Hello to everyone!
Let’s start with a small report about 2016: we all had taken no vacation last year, because we aimed (and still aim) on making the DLC1 on UE3 as soon as possible, to compose/record the new music for DLC and Haunted2, to master it and then cut the sequences for the game and have the team for Haunted 2 complete, starting the level design on UE4 plus the work for new characters. Through the following month we saw new team members come and go, because they couldn’t do what they said - or they were much to slow. But professionals who can work faster, prefer to work for large companies with big budget, not for Indie’s. That all wasn’t so funny since our decision to bring Haunted to life again. But, as said in the last announcement, we wanted to have finished the first dlc until christmas, which wasn’t to realize. In addition, there was an accident in november, which still hinders us until April this year. So, we finished 2016 reworked and a bit frustrated.
2017 started with much needed recreation, but also three weeks ago with febrile flu for all plus now shingles for one of us :-( ...and the latest news from the world of justice, aren't constructive, too. Nasty people that still do not give us our money because they think we are dead or they feel safe in their countries and don’t understand why we are still not broke like so many others after our partner THQ has gone bust - which means, the costly lawyer-issues still go on (what the heck costs so much time?).
But that all will not bounce us back and to all the guys who owe us money are said at this point: better you’ll get in contact with us and give us the money you made with our game than being prosecuted and sued for damages for selling copies illegal. We’re gonna get you sooner or later!
And at this point also a big thank you to all of you, who bought our game legally here at Steam and support us thereby! Please have in mind: since we restarted Haunted 1 (Hells Reach) we sell it only here and exclusively on Steam because of the precise separation of legal from illegal sales with respect to the ongoing investigations and law suits.Okay so far, we are going on with keeping you informed - and now Cedric takes over:
Have you ever built a do-it-yourself furniture only to find out that the last piece doesn't fit?
Even if the parts are supposed to fit perfectly, the accumulation of very small mistakes during the construction can sometimes lead to this problem and you have to undo a part of the construction to get things to fit. This also happens when making game levels.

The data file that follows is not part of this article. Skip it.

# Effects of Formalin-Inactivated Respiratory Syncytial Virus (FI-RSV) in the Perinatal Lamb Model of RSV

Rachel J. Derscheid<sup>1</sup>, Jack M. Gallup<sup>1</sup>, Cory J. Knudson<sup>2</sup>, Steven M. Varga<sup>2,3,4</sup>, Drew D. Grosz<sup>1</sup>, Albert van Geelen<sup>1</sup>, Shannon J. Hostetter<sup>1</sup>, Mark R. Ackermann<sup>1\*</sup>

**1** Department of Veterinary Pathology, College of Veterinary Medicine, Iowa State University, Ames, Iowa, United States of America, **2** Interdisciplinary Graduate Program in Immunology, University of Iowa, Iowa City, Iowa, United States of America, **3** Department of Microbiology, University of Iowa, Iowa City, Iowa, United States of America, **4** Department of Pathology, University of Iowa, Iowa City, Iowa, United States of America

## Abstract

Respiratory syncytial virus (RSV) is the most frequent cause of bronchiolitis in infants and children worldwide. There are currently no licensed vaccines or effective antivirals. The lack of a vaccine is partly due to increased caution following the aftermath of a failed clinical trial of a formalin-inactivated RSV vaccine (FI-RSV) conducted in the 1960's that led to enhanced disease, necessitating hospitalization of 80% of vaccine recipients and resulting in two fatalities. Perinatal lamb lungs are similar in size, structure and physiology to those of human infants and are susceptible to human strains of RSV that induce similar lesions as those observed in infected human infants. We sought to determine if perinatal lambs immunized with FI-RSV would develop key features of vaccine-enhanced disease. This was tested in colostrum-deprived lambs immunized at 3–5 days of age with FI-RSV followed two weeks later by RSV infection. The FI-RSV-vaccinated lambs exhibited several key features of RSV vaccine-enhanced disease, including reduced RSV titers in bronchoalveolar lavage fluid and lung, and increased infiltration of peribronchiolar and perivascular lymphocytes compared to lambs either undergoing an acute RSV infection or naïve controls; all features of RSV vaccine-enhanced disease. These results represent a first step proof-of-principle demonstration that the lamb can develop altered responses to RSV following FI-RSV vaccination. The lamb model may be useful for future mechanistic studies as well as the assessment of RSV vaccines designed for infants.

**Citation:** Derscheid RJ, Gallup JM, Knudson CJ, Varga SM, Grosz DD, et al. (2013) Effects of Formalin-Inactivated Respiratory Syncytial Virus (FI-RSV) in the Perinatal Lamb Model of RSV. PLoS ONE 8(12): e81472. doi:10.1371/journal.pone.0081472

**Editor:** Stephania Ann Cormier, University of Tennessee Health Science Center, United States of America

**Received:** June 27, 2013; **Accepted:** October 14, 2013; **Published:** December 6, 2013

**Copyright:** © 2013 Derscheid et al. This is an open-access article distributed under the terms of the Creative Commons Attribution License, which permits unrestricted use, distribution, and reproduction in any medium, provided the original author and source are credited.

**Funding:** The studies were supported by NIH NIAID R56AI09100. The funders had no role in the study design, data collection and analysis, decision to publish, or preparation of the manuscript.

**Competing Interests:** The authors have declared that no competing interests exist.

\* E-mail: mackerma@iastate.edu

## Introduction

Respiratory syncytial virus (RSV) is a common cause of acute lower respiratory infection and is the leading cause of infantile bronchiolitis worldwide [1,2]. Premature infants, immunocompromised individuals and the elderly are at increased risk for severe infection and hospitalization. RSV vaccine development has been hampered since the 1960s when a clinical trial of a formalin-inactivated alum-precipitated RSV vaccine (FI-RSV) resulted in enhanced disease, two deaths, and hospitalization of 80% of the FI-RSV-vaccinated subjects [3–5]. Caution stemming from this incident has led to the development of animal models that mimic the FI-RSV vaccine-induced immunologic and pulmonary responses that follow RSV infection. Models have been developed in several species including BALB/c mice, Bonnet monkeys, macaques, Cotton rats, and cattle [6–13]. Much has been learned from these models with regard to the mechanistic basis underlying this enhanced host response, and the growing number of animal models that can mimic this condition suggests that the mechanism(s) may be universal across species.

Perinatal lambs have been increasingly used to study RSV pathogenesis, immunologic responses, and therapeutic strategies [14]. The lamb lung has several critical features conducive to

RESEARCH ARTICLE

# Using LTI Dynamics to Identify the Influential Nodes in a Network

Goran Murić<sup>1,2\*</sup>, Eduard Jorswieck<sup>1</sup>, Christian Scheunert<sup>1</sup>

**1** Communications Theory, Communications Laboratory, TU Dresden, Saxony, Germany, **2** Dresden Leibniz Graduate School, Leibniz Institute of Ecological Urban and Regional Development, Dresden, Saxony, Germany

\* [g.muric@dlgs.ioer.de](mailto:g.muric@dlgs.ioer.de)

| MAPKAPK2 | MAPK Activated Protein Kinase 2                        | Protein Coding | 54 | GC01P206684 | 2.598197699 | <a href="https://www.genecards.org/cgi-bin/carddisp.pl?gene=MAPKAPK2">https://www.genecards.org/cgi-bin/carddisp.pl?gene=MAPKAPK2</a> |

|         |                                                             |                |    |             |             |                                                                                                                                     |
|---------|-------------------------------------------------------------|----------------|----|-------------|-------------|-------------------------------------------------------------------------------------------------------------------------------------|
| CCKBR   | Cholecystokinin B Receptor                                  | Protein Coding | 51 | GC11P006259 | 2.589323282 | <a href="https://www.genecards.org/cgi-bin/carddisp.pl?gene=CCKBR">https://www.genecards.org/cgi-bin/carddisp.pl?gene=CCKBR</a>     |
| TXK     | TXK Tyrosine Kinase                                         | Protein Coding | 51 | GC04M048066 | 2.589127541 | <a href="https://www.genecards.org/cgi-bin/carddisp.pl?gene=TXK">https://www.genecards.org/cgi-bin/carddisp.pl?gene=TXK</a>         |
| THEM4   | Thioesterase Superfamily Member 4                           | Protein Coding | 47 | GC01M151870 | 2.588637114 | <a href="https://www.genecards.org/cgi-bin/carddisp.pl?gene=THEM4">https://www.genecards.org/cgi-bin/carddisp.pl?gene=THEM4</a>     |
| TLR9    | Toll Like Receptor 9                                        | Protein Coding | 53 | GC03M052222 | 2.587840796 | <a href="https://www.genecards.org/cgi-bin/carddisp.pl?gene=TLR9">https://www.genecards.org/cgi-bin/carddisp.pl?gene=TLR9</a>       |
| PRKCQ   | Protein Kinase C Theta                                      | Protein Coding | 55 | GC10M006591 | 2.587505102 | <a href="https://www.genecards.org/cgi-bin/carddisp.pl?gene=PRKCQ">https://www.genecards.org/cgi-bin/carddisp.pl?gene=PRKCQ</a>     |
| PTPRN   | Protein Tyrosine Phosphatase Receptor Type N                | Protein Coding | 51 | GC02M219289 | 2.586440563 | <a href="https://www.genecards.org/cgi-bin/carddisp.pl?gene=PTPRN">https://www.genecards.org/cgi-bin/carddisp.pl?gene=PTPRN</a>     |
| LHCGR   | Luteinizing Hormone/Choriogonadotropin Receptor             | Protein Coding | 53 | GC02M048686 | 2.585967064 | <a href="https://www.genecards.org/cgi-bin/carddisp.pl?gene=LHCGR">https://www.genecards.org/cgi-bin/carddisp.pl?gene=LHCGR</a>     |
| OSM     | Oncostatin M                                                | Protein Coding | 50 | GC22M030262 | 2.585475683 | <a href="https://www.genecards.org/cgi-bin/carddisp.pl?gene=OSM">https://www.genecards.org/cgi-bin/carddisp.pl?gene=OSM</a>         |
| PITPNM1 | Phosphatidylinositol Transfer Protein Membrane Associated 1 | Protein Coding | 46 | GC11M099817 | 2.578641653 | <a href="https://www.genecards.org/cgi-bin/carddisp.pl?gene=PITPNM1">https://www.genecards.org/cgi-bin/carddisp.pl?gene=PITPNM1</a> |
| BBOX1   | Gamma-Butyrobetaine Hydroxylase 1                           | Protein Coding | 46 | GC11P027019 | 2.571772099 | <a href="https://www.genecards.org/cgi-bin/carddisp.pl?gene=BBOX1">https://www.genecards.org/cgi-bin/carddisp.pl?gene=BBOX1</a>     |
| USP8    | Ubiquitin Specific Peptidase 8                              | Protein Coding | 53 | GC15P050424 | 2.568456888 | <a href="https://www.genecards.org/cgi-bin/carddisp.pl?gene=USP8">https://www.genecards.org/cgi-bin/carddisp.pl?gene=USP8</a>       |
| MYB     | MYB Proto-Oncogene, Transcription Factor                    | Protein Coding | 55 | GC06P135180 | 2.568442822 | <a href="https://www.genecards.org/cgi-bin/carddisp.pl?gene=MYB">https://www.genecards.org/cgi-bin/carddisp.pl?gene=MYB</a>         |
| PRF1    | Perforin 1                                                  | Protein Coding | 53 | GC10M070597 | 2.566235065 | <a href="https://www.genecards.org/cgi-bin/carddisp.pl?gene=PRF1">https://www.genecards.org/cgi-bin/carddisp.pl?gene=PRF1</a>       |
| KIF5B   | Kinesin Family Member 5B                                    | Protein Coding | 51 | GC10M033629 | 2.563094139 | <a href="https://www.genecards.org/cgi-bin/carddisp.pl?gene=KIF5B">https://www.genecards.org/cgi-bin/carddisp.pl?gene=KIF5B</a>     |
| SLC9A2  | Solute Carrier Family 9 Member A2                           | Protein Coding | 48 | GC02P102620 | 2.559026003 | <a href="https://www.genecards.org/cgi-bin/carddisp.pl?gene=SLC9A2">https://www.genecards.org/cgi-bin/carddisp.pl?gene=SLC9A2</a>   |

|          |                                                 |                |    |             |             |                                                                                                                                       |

Like their name implies, modular kits are modular and just like legos, you can build a lot of things with only a few different pieces. This makes the production much faster but there is a big drawback and that is that the things can get a repetitive look very quickly.
To avoid art fatigue, I often add a few unique pieces breaking the generic look and that is where problems can arise. Things that should fit no longer fit. In addition, you are at a point where you can not really get back to fix things - since it take a lot of time and could create problems elsewhere.
This is the moment when you have to do things differently - let's say by cheating a bit. If you can not fix something, then you can make it invisible, for example by hiding it. How?
You've got a little gap between 2 wall parts? Let's cover it with a pillar!
You've got two textures which won't connect properly? Let's place a rock on it!
May be you’ll find that is a lazy way to fix unexpected things, but it works, nobody will see it, it saves time and that is what counts. Something that has gone wrong, but can not be noticed as wrong simply does not exist as wrong.
Of course, there are different ways to solve a problem. You could un-build a part of the level and rebuild it with different parts to make things fit, but that's very slow and there is no guarantee that doing so won't break another part of the level. Creating an unique piece just to connect things properly is also another possible way, but I'm not fond of these solutions.
I like to keep my modular kits as simple as possible. What does it mean to have more pieces? Just a higher chance of making errors. Of course, If I want to make something architectural, that means modifying more pieces, but I believe that the most important thing is that if a modular kit is made, it should also be thought of for future potential users. A unique piece which was made to solve a certain situation in ones level used by another artist can become the source of a problem in this artists level.
In a team, you can always communicate with your colleagues to come to a name convention, an agreement for such pieces - but, for example, what about mod-enabled games? The external users know nothing of internal agreements on names for unique pieces and will find themselves with a broken kit to work, which gives them a to the highest unsatisfactory modding experience.
My recommendation on this topic is: if you are going to build a modular kit, you should make it simple and easy to use, not only for you, but for everyone else who will have to work with it.